The worst year to be alive

Northern lights, Milky Way and erupting volcano. Source: http://dailym.ai/2Y9wmgK

You are probably thinking that it is 2020, right?

Well, even if 2020 is a particularly shitty year, 536 was definitely worst!

According to dr. McCormick 536 was the worst year to be alive. Starting from 536, and for 18 months, Europeans and Asians did not see the sun: a fog obscured the Sun, which brightness was similar to the one of the moon. During the summer of 536 snow fell in China and millions of people died because of famine in the following years. In 541 the bubonic plague spread rapidly, killing one third of the human population.

By analyzing ice from a Swiss glacier, scientists figured out what happened more than 15 centuries ago. In 536, a great volcanic eruption happened in Iceland. The eruption released huge amount of dust into the atmosphere, which obscured the sun. When things started to improve, two other eruptions happened in 540 and 547, slowing down the recovery of normal seasons.

The study of ice revealed also that this dark period led to economic stagnation until 640. Ice slices from that year where rich in lead. Silver mining resumed, and silver was smelted from lead ore, indicating a recovery of the medieval economic system.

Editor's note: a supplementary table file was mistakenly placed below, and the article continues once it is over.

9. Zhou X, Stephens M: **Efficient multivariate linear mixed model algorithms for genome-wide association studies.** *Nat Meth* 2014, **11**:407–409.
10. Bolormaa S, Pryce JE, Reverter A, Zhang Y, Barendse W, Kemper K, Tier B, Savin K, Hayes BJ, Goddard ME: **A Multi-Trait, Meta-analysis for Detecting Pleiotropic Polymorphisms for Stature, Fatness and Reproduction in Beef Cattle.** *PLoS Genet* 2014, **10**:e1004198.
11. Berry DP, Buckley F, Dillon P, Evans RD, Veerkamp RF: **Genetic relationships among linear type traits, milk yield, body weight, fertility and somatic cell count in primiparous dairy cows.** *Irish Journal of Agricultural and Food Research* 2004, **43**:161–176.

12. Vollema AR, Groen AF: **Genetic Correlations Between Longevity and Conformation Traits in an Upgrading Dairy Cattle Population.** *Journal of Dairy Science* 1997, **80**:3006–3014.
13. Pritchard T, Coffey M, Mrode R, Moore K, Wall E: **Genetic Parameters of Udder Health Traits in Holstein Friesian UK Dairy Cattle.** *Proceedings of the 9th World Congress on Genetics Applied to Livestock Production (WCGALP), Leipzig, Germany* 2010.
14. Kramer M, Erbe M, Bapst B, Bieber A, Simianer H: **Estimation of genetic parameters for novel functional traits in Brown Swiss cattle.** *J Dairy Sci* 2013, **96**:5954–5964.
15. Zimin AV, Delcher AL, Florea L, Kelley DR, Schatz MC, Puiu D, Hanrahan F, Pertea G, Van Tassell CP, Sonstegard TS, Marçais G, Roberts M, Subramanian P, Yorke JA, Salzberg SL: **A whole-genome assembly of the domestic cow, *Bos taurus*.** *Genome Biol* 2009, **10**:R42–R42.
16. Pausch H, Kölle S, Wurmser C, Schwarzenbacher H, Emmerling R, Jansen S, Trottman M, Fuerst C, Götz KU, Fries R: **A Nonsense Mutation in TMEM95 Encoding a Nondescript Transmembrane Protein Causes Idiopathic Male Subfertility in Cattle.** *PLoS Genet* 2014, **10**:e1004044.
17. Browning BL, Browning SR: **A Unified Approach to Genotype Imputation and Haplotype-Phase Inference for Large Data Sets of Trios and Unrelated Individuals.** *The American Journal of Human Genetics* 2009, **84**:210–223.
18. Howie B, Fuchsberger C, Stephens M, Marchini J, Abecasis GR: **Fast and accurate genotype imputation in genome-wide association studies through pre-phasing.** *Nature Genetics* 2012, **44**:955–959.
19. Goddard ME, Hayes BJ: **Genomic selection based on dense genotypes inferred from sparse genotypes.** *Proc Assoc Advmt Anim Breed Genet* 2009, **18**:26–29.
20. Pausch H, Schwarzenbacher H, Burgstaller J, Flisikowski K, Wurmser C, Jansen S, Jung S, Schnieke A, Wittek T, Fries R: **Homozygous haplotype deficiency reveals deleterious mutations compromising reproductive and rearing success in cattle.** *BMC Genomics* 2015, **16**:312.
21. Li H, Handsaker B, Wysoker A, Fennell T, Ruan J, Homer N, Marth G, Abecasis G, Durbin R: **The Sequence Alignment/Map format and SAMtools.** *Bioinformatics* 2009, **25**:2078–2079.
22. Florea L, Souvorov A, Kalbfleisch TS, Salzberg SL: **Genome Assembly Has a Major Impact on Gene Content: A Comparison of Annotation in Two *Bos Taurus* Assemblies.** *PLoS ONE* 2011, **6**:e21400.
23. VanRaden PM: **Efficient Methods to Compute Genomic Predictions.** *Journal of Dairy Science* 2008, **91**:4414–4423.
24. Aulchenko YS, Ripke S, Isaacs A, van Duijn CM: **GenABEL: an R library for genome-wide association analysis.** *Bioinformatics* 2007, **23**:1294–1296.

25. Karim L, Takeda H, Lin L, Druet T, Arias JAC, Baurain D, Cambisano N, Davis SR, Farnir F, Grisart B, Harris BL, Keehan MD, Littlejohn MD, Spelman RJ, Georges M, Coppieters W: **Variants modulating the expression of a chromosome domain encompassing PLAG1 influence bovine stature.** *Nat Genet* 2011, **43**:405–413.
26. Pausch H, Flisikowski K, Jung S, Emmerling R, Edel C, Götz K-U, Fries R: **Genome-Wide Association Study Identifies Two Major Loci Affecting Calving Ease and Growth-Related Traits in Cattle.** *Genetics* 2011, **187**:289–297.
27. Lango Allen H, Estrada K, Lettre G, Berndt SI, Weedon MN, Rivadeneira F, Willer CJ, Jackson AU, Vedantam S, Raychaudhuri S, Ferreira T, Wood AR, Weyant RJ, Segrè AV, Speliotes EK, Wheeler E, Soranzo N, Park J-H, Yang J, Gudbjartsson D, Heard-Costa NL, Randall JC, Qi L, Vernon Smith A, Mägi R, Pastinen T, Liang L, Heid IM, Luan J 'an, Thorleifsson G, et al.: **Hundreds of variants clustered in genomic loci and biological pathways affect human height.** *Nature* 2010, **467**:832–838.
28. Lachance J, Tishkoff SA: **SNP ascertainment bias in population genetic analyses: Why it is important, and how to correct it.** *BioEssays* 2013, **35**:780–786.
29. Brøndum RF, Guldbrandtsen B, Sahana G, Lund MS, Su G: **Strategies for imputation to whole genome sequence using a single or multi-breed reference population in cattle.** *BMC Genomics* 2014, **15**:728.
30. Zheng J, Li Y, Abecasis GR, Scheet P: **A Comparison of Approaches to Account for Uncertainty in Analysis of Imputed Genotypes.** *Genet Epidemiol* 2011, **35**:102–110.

Personally, I think that science is awesome! How cool is that by studying ice from a Swiss glacier, scientists can understand what happened 1500 years ago?!

This research has also made me think about the impact of human activities on nature (see a previous article here). Nature and ice register everything, even after 1500 years, and without written evidence, we can know exactly in which year the economic start recovering because of human activities releasing lead into the atmosphere.

References:

Loveluck et al., “Alpine ice-core evidence for the transformation of the European monetary system, AD 640–670”, (2018), https://doi.org/10.15184/aqy.2018.110

Gibbons, “Why 536 was ‘the worst year to be alive’”, (2018) , 10.1126/science.aaw0632

Published by Martina Bodner

Biotechnologist, PhD Candidate in Food Chemistry, Science Teacher, STEM and autism advocate, mother.

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